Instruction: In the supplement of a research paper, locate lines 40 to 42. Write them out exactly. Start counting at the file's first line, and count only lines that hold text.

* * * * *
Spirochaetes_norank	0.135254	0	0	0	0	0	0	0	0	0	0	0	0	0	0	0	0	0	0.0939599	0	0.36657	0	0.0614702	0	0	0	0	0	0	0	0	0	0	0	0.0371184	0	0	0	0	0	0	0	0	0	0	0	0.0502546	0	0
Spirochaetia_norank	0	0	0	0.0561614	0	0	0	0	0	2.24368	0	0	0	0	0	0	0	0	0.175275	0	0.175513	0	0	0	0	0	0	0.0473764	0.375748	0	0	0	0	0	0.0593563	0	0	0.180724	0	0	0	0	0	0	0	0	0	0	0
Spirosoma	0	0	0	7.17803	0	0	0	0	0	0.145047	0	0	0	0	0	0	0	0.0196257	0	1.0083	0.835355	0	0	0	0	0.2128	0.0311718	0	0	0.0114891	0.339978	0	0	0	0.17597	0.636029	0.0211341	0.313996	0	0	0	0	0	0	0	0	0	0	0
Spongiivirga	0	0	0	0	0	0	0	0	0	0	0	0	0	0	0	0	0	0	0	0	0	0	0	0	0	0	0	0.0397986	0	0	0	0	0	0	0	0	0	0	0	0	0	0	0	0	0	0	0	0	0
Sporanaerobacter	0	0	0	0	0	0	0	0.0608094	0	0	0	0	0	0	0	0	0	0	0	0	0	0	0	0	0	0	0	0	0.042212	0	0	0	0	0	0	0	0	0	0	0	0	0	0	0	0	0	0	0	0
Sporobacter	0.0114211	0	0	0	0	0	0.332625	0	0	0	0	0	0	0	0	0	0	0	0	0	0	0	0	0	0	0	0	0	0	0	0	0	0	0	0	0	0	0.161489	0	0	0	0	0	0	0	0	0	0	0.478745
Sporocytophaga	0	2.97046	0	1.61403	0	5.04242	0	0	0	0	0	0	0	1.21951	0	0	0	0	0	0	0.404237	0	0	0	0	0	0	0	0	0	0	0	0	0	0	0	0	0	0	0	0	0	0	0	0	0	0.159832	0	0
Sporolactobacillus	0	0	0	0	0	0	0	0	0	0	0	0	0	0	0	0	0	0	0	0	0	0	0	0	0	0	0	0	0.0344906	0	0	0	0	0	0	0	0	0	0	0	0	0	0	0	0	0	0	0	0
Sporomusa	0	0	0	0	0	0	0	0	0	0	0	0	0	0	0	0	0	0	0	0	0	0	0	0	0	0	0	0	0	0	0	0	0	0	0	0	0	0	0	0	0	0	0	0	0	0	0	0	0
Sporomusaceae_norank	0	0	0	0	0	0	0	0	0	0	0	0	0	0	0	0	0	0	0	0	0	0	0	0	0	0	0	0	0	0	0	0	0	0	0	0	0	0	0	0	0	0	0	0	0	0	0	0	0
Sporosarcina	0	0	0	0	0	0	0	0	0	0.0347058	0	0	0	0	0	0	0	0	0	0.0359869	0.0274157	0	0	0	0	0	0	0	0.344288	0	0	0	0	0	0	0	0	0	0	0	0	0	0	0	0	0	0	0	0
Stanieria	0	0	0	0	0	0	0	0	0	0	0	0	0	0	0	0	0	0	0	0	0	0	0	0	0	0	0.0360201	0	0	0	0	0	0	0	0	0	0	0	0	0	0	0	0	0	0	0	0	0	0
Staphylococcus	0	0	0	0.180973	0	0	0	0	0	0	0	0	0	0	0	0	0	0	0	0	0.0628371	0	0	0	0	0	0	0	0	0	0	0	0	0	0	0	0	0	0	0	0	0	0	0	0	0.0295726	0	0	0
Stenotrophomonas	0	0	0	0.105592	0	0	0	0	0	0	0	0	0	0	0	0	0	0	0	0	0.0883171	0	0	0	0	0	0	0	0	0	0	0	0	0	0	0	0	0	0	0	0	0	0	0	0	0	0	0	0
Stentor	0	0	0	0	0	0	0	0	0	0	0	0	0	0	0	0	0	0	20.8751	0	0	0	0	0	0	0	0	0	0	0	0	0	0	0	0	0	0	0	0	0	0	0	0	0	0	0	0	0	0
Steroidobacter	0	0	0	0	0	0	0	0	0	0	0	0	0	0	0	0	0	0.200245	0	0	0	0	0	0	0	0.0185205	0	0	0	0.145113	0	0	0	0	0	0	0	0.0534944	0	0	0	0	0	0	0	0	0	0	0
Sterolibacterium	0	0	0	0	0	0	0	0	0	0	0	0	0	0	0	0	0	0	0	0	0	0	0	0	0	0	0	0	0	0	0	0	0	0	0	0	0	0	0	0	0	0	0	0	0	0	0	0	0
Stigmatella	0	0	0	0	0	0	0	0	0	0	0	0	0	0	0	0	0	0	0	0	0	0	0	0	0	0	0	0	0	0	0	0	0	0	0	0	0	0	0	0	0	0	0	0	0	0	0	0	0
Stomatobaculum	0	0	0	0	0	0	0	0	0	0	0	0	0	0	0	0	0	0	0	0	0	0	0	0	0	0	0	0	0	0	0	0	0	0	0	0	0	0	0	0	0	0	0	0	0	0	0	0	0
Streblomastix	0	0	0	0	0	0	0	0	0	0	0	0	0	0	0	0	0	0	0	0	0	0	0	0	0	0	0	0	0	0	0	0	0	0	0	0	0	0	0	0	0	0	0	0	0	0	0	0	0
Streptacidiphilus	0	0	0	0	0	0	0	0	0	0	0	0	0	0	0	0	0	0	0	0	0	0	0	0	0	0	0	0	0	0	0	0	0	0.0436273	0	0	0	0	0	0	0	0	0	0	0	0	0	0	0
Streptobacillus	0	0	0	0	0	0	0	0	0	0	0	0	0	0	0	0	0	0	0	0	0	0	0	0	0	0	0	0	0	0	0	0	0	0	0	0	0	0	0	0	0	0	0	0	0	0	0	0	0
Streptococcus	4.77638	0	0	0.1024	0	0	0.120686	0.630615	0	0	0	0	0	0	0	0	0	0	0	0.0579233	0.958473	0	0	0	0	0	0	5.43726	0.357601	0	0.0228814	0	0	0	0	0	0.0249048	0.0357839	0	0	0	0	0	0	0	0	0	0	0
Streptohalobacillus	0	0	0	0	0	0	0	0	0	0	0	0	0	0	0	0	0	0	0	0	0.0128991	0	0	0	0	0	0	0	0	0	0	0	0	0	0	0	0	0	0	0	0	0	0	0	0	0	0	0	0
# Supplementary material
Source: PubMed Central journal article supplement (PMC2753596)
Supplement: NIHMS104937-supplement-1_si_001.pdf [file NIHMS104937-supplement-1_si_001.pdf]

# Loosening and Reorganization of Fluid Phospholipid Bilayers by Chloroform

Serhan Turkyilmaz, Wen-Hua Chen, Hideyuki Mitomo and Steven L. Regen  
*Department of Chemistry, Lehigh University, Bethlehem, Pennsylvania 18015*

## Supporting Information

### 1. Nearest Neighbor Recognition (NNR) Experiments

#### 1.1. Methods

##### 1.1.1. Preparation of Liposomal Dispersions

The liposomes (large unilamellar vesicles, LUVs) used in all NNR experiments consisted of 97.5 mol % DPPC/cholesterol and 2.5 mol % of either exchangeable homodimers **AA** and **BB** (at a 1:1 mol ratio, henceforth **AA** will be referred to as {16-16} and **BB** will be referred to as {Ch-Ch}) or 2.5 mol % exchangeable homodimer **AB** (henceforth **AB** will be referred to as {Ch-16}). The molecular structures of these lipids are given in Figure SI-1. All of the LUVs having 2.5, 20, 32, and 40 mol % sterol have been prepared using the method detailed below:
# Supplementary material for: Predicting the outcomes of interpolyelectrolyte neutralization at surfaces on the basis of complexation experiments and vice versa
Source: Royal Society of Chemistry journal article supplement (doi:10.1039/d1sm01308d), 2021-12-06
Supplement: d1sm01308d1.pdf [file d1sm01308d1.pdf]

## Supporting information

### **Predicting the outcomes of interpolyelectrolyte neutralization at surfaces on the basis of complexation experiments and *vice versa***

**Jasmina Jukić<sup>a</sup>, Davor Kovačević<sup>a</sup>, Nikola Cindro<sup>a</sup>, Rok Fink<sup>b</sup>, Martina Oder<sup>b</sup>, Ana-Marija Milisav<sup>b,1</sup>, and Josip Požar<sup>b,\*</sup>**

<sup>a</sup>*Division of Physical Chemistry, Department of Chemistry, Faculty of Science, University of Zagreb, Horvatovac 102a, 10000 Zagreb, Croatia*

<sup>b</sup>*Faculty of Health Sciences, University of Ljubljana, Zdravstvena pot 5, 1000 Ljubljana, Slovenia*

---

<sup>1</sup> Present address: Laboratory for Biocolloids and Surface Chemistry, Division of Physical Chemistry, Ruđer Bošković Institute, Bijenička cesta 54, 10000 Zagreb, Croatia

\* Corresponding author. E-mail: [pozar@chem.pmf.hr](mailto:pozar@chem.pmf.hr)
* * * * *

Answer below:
### **Predicting the outcomes of interpolyelectrolyte neutralization at surfaces on the basis of complexation experiments and *vice versa***

**Jasmina Jukić<sup>a</sup>, Davor Kovačević<sup>a</sup>, Nikola Cindro<sup>a</sup>, Rok Fink<sup>b</sup>, Martina Oder<sup>b</sup>, Ana-Marija Milisav<sup>b,1</sup>, and Josip Požar<sup>b,\*</sup>**

<sup>a</sup>*Division of Physical Chemistry, Department of Chemistry, Faculty of Science, University of Zagreb, Horvatovac 102a, 10000 Zagreb, Croatia*